by which foreign companies operate in their areas. The alternatives,
therefore, are tools that allow local communities and governments
to set the terms by which companies (both foreign and local) operate
in their midst, in order to ensure that the companies serve the
public interest. Far from being a new idea, this was in fact the
guiding principal of international trade, investment, and corporate
law until Reagan and Thatcher introduced corporate globalization
The United Nations, particularly its Security Council, needs reform.
It needs to be "de-corporatized" with more financial
resources, greater public attention, greater transparency, more
democracy, and more influence. Yet it remains the institution
with the broadest mandate and, despite its considerable flaws,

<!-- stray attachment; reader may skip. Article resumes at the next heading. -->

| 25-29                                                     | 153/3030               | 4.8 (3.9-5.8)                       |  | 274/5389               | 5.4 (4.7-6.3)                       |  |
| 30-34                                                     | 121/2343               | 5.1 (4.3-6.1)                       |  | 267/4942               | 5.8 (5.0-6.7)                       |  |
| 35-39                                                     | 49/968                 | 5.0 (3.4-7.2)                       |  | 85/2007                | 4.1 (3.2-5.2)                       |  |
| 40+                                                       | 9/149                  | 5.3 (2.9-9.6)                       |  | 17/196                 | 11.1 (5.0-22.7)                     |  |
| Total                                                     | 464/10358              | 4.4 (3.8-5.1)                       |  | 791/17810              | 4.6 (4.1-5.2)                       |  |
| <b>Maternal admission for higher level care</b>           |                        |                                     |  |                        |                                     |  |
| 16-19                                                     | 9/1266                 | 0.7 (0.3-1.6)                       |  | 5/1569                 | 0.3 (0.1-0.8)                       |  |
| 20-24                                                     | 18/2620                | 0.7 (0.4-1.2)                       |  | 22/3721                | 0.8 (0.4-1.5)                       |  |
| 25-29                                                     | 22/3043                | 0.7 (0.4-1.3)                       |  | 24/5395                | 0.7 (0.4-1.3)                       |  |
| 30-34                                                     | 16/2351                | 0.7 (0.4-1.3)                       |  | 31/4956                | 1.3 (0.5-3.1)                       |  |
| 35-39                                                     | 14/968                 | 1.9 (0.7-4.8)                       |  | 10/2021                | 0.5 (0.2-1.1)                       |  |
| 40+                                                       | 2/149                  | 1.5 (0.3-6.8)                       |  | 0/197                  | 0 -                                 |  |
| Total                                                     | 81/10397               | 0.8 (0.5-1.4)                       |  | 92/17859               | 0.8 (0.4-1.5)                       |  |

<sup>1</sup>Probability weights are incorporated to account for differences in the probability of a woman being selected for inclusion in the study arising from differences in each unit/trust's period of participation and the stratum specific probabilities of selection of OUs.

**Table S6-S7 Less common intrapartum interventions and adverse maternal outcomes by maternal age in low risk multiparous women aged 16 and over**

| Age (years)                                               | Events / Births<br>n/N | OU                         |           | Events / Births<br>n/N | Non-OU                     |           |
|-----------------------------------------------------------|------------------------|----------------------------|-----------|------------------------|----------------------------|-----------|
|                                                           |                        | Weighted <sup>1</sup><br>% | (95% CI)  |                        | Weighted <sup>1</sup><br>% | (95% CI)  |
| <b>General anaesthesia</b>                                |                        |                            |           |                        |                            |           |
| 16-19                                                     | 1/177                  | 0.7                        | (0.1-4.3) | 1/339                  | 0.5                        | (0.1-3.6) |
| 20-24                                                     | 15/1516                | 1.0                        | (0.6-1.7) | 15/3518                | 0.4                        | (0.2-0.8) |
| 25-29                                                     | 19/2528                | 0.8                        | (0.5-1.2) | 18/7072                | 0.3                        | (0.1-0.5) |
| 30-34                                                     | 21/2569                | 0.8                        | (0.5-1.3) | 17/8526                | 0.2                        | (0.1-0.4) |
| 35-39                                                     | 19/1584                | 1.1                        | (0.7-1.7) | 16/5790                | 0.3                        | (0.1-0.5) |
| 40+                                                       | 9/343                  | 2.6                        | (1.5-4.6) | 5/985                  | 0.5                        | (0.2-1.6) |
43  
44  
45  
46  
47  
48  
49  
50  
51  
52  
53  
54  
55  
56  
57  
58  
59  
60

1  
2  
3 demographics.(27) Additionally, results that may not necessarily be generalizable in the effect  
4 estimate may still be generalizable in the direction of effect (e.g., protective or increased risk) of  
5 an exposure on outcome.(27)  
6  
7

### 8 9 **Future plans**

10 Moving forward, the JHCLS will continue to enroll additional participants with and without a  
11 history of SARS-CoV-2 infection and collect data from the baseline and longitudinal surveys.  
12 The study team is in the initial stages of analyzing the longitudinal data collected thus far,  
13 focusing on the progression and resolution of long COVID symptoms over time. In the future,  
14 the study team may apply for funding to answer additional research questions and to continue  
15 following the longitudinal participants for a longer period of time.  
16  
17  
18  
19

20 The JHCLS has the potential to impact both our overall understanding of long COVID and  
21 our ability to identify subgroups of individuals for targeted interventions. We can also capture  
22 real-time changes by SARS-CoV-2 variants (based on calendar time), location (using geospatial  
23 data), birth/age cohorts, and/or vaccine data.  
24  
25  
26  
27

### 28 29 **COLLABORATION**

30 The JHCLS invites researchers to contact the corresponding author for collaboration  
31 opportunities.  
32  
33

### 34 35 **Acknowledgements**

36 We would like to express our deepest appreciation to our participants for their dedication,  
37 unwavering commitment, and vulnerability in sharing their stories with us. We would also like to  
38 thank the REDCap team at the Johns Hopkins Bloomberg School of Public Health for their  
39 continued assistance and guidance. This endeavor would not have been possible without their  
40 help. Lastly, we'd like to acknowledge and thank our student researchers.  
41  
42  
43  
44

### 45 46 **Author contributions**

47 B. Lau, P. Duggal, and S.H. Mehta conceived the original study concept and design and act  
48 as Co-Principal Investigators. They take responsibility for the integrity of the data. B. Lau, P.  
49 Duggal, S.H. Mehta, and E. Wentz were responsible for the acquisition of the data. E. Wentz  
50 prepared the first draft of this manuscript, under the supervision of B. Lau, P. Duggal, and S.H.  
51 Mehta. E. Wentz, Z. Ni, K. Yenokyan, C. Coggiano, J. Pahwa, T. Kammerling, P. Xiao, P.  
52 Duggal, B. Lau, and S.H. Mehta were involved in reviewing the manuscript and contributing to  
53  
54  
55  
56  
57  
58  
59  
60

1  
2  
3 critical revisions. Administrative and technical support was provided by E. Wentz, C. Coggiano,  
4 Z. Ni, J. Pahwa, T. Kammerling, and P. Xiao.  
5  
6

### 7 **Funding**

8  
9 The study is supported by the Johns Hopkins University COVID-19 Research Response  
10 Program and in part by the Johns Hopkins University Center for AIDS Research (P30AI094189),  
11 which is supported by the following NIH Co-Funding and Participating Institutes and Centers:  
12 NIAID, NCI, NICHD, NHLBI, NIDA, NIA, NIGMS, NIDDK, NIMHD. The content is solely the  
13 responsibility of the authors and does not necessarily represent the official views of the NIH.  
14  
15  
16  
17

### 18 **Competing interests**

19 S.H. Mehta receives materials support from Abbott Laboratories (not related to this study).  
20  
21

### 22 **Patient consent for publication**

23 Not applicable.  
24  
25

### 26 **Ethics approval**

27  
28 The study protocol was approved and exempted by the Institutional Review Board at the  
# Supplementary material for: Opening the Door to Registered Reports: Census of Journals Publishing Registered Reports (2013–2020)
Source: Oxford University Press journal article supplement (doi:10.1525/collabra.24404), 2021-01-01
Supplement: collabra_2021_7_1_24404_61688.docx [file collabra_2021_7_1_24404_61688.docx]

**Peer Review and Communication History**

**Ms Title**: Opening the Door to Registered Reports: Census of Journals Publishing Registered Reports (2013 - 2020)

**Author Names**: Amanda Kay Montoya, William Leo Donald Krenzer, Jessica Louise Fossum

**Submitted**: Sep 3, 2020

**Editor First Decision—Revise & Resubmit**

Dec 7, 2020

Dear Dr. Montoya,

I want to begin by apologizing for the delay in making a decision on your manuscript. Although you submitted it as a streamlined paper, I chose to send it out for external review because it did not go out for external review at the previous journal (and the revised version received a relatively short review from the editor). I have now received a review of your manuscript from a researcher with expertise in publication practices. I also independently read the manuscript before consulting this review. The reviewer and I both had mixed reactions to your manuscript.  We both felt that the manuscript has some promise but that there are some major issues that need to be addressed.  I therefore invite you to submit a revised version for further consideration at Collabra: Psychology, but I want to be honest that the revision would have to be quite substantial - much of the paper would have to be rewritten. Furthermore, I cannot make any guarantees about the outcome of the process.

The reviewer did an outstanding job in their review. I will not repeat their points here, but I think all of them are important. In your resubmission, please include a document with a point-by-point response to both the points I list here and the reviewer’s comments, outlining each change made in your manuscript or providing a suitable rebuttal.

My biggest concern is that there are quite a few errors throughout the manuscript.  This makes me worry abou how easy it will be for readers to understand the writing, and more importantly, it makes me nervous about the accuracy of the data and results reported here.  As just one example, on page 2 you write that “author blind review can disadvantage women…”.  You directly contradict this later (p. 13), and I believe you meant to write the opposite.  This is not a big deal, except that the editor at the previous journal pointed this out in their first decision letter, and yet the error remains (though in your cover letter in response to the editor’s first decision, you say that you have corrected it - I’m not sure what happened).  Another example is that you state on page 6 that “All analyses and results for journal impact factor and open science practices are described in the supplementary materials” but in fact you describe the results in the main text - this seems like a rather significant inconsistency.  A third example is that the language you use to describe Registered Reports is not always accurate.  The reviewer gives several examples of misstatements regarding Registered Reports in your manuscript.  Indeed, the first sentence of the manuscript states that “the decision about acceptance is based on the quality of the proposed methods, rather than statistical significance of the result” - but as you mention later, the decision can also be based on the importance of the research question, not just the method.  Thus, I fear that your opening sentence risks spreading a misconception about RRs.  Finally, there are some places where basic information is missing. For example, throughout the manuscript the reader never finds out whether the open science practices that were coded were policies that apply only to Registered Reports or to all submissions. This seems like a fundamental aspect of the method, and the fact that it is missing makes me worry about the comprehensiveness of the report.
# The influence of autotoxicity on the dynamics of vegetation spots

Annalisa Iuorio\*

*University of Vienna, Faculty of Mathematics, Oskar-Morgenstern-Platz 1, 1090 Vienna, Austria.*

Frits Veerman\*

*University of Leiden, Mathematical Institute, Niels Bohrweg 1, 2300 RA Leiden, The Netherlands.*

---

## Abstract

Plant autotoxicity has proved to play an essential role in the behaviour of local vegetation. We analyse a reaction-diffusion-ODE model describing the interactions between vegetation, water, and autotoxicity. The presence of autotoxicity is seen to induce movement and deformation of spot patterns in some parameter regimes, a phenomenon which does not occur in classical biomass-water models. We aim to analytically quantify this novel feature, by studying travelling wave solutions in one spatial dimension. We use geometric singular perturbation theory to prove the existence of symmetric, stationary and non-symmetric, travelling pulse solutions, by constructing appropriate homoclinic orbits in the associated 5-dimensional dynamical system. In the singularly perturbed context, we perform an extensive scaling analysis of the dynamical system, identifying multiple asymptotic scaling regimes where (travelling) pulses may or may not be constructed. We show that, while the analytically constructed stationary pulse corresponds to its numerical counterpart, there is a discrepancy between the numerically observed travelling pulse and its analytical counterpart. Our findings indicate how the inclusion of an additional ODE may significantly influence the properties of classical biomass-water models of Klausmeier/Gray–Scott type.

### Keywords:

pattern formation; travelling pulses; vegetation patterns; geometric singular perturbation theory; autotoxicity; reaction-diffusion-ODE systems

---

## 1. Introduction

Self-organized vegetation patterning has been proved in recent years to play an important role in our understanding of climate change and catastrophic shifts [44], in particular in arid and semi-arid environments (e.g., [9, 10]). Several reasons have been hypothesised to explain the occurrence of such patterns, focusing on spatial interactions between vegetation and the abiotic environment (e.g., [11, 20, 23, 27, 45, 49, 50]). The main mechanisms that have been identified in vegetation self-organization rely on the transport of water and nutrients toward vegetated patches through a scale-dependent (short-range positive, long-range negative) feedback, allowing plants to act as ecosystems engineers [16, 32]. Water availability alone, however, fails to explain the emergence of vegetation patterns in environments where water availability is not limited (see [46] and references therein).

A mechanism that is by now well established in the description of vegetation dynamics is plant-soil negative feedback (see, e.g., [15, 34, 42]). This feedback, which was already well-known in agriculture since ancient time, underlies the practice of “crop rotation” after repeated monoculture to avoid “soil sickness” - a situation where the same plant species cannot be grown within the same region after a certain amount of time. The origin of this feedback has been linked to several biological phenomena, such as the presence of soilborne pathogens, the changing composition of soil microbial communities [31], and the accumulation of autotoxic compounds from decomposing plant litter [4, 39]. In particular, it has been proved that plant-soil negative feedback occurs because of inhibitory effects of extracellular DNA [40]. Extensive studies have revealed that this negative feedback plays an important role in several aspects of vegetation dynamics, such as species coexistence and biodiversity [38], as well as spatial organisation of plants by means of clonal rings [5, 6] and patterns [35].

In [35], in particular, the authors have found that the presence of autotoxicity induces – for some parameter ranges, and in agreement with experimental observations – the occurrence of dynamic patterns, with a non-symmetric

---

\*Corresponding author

is more open and democratic than any of the Bretton Woods organizations.
In practice, it has given much greater weight to human, social,
and environmental priorities. Where international trade and investment
rules must be written, a reformed United Nations is the place
to do it.
Owning Iraq's Oil
To the adherents of the Bush Agenda, Iraq
is truly an oil bonanza in waiting. It is the nation with at least
the second largest oil reserves in the world and quite possibly
the largest. The oil is right below the surface and bursting at
the seams. It is cheap to produce, yet highly valuable to sell.
Of Iraq's eighty known oil fields, only seventeen have even begun
to be developed. Gaining control of that oil serves several interests.
It serves the interests of oil and energy services corporations
that both support and comprise the Bush administration, as well
as the administration's goals of imperial power and global dominance:
whoever controls the oil can deny it to those who do not and dictate
the terms on which they receive it. A friendly government in Iraq
granting access to its oil provides a support mechanism for the